W3C home > Mailing lists > Public > public-texttracks@w3.org > September 2012

Re: Metadata in the VTT file header (bug 15851), use cases (and a need to close this)

From: Glenn Maynard <glenn@zewt.org>
Date: Sun, 2 Sep 2012 12:08:49 -0500
Message-ID: <CABirCh9SGXdrr48hDLoo8xUSnEvmas+MKzYD5Yw_DYSV5zpx=A@mail.gmail.com>
To: Simon Pieters <simonp@opera.com>
Cc: Ian Hickson <ian@hixie.ch>, David Singer <singer@apple.com>, public-texttracks <public-texttracks@w3.org>
On Thu, Aug 30, 2012 at 7:56 PM, Ian Hickson <ian@hixie.ch> wrote:

>  XML wasn't a failure, by a long shot. Nor is JSON. They both have
> situations in which they are useful.

You're saying something like "look how ugly and complex XML is because it
tries to be general-purpose, so this is bad too".  There's no comparison to
be drawn; this is nothing like XML.

  For every piece of data, sure. Nobody is suggesting that, as far as I'm
> aware.

Language?  Parser changes.  Kind?  Parser changes.  Style?  Parser
changes.  I'm sorry if I see a pattern...

> > I'm not recommending any more than anyone else, I'm just saying we
> > > shouldn't try to second-guess their needs and offer a specific place
> > > for them other than just comments.
> >
> > This does nothing more than store strings; it makes no attempt at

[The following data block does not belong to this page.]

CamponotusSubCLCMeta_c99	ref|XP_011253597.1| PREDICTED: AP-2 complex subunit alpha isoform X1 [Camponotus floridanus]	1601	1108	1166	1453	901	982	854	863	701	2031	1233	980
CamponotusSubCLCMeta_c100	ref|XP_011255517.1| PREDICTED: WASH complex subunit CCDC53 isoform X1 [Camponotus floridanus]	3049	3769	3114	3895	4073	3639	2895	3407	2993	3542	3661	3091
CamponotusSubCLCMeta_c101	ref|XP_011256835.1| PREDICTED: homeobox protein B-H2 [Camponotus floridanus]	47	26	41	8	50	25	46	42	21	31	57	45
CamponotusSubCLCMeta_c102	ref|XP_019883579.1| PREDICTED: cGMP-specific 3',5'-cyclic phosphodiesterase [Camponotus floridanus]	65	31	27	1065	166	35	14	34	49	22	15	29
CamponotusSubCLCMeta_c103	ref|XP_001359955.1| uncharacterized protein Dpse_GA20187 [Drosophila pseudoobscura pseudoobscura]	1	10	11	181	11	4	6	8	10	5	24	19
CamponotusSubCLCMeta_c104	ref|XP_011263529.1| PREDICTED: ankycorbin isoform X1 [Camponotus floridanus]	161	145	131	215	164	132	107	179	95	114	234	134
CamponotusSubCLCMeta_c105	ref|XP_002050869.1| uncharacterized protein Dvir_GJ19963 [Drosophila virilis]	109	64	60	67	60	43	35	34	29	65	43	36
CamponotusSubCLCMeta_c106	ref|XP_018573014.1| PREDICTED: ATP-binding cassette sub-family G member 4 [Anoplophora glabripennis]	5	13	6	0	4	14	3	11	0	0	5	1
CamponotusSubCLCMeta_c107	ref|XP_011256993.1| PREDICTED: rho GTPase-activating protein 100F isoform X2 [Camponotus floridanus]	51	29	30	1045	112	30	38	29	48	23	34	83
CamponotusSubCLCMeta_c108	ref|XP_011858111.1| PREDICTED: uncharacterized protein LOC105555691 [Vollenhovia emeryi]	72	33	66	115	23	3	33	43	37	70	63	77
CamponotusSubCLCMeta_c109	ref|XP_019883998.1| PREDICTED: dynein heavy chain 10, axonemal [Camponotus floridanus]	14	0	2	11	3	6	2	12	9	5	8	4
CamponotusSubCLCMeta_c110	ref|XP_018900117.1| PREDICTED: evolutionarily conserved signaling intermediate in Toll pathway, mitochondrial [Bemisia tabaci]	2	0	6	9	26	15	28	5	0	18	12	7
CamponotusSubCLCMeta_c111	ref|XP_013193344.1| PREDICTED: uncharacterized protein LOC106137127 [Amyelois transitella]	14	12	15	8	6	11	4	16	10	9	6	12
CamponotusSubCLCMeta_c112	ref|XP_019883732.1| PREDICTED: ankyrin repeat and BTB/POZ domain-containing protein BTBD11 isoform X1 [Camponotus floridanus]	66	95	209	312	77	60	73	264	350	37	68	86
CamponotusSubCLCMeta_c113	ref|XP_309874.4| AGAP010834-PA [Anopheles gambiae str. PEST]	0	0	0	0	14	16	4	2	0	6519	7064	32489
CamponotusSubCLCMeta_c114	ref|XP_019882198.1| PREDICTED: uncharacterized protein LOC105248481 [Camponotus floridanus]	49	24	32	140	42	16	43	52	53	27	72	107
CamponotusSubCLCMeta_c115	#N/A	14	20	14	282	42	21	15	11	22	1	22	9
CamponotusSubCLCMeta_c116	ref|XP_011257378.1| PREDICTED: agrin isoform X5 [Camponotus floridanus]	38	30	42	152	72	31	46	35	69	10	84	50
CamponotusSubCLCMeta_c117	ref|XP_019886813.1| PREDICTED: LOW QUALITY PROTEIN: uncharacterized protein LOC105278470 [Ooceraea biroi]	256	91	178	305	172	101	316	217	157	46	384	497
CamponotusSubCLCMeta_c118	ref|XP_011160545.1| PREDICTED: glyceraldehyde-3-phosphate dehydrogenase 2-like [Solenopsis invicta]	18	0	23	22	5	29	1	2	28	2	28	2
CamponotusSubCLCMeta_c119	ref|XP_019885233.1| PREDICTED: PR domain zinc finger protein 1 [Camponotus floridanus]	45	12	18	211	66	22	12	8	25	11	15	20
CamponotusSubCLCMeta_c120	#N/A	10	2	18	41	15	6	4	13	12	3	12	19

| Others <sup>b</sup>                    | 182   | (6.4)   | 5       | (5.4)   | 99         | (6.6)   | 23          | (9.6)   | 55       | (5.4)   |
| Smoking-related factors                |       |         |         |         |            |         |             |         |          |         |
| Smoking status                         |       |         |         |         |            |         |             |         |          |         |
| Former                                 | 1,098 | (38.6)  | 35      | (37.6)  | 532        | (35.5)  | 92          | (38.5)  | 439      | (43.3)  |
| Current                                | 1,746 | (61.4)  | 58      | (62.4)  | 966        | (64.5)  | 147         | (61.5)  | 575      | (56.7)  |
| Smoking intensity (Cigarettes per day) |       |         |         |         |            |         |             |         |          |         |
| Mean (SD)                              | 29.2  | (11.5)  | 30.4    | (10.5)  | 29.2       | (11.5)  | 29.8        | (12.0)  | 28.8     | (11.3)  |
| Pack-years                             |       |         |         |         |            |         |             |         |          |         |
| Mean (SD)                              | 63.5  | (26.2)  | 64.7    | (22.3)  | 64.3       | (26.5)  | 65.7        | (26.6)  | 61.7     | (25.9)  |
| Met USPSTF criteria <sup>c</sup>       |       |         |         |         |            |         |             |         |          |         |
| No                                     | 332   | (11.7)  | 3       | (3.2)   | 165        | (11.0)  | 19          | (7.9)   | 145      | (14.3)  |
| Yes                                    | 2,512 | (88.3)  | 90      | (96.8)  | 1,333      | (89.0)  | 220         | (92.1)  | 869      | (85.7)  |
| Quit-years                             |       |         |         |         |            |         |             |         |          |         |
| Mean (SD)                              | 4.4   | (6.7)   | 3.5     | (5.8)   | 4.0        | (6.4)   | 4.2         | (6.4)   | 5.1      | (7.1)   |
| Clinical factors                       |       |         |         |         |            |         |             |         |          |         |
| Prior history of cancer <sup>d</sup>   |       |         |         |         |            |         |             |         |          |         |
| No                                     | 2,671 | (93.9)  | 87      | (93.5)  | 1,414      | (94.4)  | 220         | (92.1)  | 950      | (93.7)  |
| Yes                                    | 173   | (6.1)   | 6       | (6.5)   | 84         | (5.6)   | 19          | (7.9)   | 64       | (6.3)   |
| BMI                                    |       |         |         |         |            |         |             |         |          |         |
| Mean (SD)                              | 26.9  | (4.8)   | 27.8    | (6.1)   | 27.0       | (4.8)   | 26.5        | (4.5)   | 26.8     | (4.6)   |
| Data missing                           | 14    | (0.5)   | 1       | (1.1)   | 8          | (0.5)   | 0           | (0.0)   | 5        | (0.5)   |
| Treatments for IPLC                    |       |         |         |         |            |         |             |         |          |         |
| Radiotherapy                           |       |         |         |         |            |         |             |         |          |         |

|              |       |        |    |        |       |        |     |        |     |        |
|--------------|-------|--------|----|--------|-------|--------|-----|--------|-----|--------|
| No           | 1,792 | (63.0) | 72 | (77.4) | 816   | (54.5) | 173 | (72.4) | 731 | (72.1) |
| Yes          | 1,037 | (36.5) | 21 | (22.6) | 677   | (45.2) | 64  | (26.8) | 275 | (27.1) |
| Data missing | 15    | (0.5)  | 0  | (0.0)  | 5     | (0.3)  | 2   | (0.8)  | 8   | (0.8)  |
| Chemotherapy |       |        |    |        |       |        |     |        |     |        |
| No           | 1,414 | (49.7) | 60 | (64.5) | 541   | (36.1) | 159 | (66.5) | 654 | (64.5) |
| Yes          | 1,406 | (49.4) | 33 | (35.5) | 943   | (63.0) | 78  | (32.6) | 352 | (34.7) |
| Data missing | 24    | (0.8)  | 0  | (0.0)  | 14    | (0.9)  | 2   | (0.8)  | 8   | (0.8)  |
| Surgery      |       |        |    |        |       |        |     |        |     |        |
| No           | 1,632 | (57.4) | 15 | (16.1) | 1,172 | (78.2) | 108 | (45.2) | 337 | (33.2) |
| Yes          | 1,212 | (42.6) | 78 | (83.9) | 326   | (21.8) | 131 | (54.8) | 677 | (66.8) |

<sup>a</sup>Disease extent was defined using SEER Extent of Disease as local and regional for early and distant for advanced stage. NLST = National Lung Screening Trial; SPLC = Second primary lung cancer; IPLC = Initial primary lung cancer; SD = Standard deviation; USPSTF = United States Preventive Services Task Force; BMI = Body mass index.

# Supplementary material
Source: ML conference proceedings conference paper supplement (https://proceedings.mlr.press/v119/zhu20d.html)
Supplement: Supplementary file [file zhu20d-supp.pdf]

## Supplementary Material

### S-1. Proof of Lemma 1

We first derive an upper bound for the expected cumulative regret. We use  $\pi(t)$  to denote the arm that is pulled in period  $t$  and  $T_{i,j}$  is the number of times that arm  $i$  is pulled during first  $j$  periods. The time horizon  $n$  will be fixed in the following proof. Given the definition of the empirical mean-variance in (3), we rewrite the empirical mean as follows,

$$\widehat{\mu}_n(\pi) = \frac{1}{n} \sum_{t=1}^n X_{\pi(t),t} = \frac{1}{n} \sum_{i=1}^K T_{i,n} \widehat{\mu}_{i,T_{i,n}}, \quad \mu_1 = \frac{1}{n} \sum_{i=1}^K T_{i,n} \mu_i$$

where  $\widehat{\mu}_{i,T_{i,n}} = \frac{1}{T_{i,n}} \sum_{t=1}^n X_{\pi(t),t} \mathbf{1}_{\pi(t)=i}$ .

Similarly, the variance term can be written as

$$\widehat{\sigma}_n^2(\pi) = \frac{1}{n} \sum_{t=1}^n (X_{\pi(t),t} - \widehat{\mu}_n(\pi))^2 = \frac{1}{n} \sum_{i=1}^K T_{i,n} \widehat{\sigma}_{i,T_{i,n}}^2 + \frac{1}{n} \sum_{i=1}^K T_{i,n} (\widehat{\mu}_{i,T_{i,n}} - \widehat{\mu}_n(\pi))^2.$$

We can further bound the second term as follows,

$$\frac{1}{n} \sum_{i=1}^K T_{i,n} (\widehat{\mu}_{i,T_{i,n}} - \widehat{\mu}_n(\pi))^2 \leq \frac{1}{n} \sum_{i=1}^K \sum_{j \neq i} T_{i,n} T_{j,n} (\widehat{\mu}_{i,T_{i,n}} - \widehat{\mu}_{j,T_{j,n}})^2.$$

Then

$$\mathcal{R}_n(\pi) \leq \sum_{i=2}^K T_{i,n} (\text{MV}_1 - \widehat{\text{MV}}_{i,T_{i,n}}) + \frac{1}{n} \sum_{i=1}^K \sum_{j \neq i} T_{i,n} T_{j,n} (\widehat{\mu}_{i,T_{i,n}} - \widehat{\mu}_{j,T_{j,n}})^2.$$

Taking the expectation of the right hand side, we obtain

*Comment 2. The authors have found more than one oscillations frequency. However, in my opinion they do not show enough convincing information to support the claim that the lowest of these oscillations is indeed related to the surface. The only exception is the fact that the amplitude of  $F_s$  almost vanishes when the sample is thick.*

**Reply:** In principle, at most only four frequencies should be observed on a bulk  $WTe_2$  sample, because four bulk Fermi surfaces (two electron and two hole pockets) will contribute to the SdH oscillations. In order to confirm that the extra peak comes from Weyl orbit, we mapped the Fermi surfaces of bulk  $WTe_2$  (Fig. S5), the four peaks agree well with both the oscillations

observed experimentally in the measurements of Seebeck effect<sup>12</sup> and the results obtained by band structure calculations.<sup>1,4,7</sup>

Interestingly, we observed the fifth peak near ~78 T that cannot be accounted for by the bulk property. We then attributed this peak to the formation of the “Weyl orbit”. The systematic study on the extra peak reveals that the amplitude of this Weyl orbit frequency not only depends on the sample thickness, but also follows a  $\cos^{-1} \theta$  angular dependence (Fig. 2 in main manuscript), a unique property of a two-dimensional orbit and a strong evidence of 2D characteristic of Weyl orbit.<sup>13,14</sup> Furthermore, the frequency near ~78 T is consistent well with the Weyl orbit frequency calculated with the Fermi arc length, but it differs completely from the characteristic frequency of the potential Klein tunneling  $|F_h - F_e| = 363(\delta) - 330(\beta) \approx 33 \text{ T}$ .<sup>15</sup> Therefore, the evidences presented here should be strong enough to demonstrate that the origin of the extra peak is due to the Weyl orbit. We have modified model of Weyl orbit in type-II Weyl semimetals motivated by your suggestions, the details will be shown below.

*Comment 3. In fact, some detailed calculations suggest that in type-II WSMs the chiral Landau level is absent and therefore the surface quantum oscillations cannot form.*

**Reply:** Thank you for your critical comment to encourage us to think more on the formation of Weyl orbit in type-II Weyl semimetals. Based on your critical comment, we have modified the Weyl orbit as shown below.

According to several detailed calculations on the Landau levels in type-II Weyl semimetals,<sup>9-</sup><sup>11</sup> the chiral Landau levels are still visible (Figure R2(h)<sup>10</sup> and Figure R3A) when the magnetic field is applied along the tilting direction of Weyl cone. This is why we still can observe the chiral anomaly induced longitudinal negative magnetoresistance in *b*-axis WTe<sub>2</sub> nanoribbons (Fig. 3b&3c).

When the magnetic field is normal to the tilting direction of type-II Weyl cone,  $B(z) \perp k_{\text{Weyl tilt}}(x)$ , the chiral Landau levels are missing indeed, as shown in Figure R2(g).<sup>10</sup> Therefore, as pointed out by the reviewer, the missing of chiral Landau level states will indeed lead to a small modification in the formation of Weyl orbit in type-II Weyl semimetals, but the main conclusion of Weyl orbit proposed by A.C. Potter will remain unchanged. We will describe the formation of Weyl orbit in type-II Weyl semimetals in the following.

> > arbitrary data types, high-level structure or "second-guessing".
> Guessing that you only need to store strings is still a guess. Currently
> there's only one piece of information proposed for WebVTT that makes sense
> to have in VTT that fits in the form of a simple one-line string, the
> language (and it's really a complicated structured data format itself, not
> really freeform string).

Again, "kind".  The structure of the string isn't relevant at the parsing
level (any more than the structure of specific HTML attributes are relevant
to the HTML parser).

There have been a number of other proposals for
> things that might go here, and while I disagree that they make sense in
> VTT, even amongst those not everything is a string -- e.g. "default" is
> really a boolean, not a string, and so we'd have to add conventions on top
> of the format beyond the string value to determine what it means (since
> presumably what matters there is presence/absence, not the value, and the
> empty string would be positive, not negative), if we even tried to use a
> string form to store it, which IMHO is a bad idea (as I think HTML
> attributes have shown for the many boolean attributes there).

Of course we'd have to define the meaning of the value, just as the meaning
of particular HTML attributes (and at the conformance level, the list of
valid attributes) needs to be defined.  This only defines the
encapsulation.  (For booleans, I'd be inclined to say "Flags: default",
where the value is a space-separated list of things to enable.)

> I'm glad that's not what we did, then.  We saw that a set of use cases
> > all have the same structure--an identifier and a string--and designed a
> > clean solution that fits them all well.